WOLF HABITAT AND TERRITORY
Wolves can survive in a variety of habitats, including forests, tundra, mountains, swamps and deserts.
Wolf territories usually vary in size from 200 to 500 square miles, but may range from as little as 18 square miles to as much as 1,000 square miles. One wolf per every 10 square miles is considered ideal for wolf health.
Territory size is typically based on the density of prey but is also influenced by pack size, presence of neighboring packs, and human land use. Wolves will aggressively defend their territories from other packs.
Wolves spend about 35% of their time traveling. They often travel 20 to 30 miles per day, but may cover over 100 miles in a day when prey is scarce.
Wolves only use dens when they have young pups that are not yet able to travel with the pack.
Wolf dens are usually located near water and dug into well-drained soil on a south-facing slope. They can be dug under a boulder, among tree roots, or in cut banks, hollow logs or other sturdy natural structures. Wolves often enlarge existing coyote or fox dens.
Wolf den entrances measure about 18 inches in diameter. The passageway, which may be straight, forked or hooked, is 4 to 18 feet long with a chamber measuring about 20 inches high by 50 inches wide by 40 inches deep. No bedding is added to the den. If the den has been used in past years, bones will be scattered about and well-defined trails should radiate from the den. It is common for dens to be reused.
Communication between pack members allows wolves to care for and feed of their young, defend their common territory, and cooperatively bring down prey larger than could individual wolves on their own.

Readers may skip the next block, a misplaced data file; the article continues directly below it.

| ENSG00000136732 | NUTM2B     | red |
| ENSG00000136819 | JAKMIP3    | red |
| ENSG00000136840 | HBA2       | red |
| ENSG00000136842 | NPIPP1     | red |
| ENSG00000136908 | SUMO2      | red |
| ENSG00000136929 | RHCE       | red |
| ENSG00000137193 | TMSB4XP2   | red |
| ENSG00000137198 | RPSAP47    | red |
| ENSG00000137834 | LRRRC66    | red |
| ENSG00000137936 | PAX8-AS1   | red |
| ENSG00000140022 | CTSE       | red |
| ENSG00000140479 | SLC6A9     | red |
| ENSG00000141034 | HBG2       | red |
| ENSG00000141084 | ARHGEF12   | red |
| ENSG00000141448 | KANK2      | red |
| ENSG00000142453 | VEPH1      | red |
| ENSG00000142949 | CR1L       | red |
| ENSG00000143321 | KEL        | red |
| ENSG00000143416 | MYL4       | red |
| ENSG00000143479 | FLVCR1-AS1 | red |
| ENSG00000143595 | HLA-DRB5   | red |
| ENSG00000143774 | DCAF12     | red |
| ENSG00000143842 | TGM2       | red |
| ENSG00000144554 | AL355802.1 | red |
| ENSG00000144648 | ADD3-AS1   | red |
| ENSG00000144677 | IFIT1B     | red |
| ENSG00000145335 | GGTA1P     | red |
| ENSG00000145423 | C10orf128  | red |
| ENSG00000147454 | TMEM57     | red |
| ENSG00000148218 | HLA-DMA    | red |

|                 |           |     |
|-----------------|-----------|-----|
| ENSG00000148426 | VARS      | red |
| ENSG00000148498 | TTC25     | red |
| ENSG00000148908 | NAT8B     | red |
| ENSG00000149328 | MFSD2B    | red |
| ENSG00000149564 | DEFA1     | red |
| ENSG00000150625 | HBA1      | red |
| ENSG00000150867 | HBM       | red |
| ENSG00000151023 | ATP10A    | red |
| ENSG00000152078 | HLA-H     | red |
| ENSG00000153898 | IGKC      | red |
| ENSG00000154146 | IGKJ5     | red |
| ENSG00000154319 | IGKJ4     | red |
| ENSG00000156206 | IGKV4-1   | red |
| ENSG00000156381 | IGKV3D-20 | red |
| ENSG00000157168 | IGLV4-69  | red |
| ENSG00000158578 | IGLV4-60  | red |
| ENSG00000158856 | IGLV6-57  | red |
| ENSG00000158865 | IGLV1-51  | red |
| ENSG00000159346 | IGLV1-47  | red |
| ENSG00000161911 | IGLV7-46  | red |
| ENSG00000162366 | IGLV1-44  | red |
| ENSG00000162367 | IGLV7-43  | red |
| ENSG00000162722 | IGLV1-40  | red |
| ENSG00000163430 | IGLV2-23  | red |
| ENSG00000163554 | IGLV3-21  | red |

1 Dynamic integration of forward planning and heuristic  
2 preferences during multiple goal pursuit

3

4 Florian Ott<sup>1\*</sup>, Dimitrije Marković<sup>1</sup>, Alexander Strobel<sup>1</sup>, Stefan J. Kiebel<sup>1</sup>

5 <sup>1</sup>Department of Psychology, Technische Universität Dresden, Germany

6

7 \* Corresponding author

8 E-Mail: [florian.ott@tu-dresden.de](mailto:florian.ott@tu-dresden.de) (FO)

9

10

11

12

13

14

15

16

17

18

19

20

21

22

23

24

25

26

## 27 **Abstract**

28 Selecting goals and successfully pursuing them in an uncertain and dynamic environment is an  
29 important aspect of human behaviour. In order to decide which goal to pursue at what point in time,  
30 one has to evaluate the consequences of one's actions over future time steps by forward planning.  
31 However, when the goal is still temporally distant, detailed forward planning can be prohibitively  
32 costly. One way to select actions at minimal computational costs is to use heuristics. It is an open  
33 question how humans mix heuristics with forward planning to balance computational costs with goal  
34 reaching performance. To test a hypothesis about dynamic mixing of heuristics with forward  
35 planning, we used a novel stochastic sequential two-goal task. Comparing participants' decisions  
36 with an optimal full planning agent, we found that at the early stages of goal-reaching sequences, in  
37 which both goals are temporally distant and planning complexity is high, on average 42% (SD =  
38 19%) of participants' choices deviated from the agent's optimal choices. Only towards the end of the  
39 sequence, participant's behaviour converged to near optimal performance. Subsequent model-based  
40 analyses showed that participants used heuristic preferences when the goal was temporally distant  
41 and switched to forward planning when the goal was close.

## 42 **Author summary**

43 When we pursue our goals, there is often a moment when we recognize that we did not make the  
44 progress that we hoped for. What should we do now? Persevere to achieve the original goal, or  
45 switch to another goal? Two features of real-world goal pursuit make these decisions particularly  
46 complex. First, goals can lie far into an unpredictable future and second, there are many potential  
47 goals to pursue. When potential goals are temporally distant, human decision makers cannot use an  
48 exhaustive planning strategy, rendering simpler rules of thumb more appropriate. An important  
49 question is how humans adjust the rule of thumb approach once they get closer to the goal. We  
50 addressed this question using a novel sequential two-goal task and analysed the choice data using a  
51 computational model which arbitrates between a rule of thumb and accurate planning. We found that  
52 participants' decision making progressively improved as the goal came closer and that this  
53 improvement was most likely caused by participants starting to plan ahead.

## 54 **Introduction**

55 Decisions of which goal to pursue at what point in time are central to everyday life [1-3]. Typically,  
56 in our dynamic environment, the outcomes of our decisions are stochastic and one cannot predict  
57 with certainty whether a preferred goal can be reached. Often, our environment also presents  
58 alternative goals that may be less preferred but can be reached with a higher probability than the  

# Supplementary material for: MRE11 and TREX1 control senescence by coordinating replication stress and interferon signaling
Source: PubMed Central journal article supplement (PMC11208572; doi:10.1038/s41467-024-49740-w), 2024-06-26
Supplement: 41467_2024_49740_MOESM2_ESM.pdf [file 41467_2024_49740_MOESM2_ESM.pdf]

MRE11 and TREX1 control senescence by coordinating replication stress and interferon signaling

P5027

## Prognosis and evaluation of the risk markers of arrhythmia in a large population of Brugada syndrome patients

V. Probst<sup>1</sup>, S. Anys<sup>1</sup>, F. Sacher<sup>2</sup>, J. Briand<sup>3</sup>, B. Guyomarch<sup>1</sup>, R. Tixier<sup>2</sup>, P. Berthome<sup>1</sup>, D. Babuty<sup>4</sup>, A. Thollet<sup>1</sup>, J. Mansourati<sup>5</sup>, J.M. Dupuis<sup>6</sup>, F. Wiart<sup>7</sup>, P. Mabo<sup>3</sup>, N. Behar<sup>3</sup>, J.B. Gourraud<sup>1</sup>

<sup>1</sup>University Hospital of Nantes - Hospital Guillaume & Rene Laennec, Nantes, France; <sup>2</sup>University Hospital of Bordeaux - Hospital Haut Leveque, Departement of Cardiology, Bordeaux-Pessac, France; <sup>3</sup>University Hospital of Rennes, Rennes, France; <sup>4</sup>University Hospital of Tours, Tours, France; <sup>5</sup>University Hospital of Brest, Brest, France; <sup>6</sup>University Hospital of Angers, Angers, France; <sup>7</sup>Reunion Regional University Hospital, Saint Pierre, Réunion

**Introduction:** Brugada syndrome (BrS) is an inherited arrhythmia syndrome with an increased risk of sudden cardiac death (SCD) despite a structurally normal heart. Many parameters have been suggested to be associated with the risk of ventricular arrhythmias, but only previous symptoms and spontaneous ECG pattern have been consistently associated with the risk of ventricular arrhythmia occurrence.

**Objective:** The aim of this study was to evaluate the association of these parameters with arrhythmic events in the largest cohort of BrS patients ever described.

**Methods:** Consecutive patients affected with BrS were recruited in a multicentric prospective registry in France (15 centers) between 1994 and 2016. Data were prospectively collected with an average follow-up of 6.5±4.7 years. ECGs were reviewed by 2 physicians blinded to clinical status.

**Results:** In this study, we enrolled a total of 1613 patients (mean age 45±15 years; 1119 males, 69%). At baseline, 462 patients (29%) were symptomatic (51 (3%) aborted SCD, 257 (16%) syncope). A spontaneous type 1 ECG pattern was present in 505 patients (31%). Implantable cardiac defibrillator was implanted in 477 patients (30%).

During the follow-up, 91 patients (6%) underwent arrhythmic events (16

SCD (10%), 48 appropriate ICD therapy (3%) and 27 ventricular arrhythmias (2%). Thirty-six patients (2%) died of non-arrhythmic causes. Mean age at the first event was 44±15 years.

A great deal of the communication among wolf pack members involves body language. Specialized behaviors and postures have evolved that help reduce aggression between individual animals within the pack. Body language helps the pack live together more agreeably.
Facial expressions are often used to express emotions. Wolves may indicate dominate behavior by baring teeth and pointing erect ears forward. Subordinate behavior may be indicated by closed mouths, slit-like eyes, and ears pulled back and held close to the head.
Wolves also use tail positions to communicate emotion. Wolves expressing threatening signs hold their tails high, almost perpendicular, while submissive wolves lower themselves before dominant pack members, tails tucked between their legs.
A wolf’s sense of smell is up to 100,000 times greater than humans’. Under good conditions a wolf can smell something a mile or more away. Scent is a very effective means of communication for wolves.
Wolf packs are highly territorial. Scents are used to clearly mark the boundaries of territories, to claim and defend that territory from other packs, to mark food ownership, and to act as a sort of road map for the pack itself. Scent is a way for a pack to make its presence known long after it has moved to another part of its territory.
Urination is the most common form of scent marking for wolves. Wolves produce scent from glands between their toes.
Vocal communication among wolves consists of a panoply of howls, whines, growls and barks.
Although all the functions of howling are not known, scientists believe that wolves may howl to assemble their pack, to claim territory, to warn intruders away from a home site or kill, or to identify other wolves. Wolves also howl in the evening and early morning, in the summer when pups are young, and during the mid-winter breeding season. It is a myth that wolves howl at the moon, but they do point their snouts toward the sky to howl. Projecting their call upward allows the sound to carry farther. Wolves have excellent hearing, and under certain conditions can hear a howl as far as six miles away in the forest and ten miles away on the open tundra.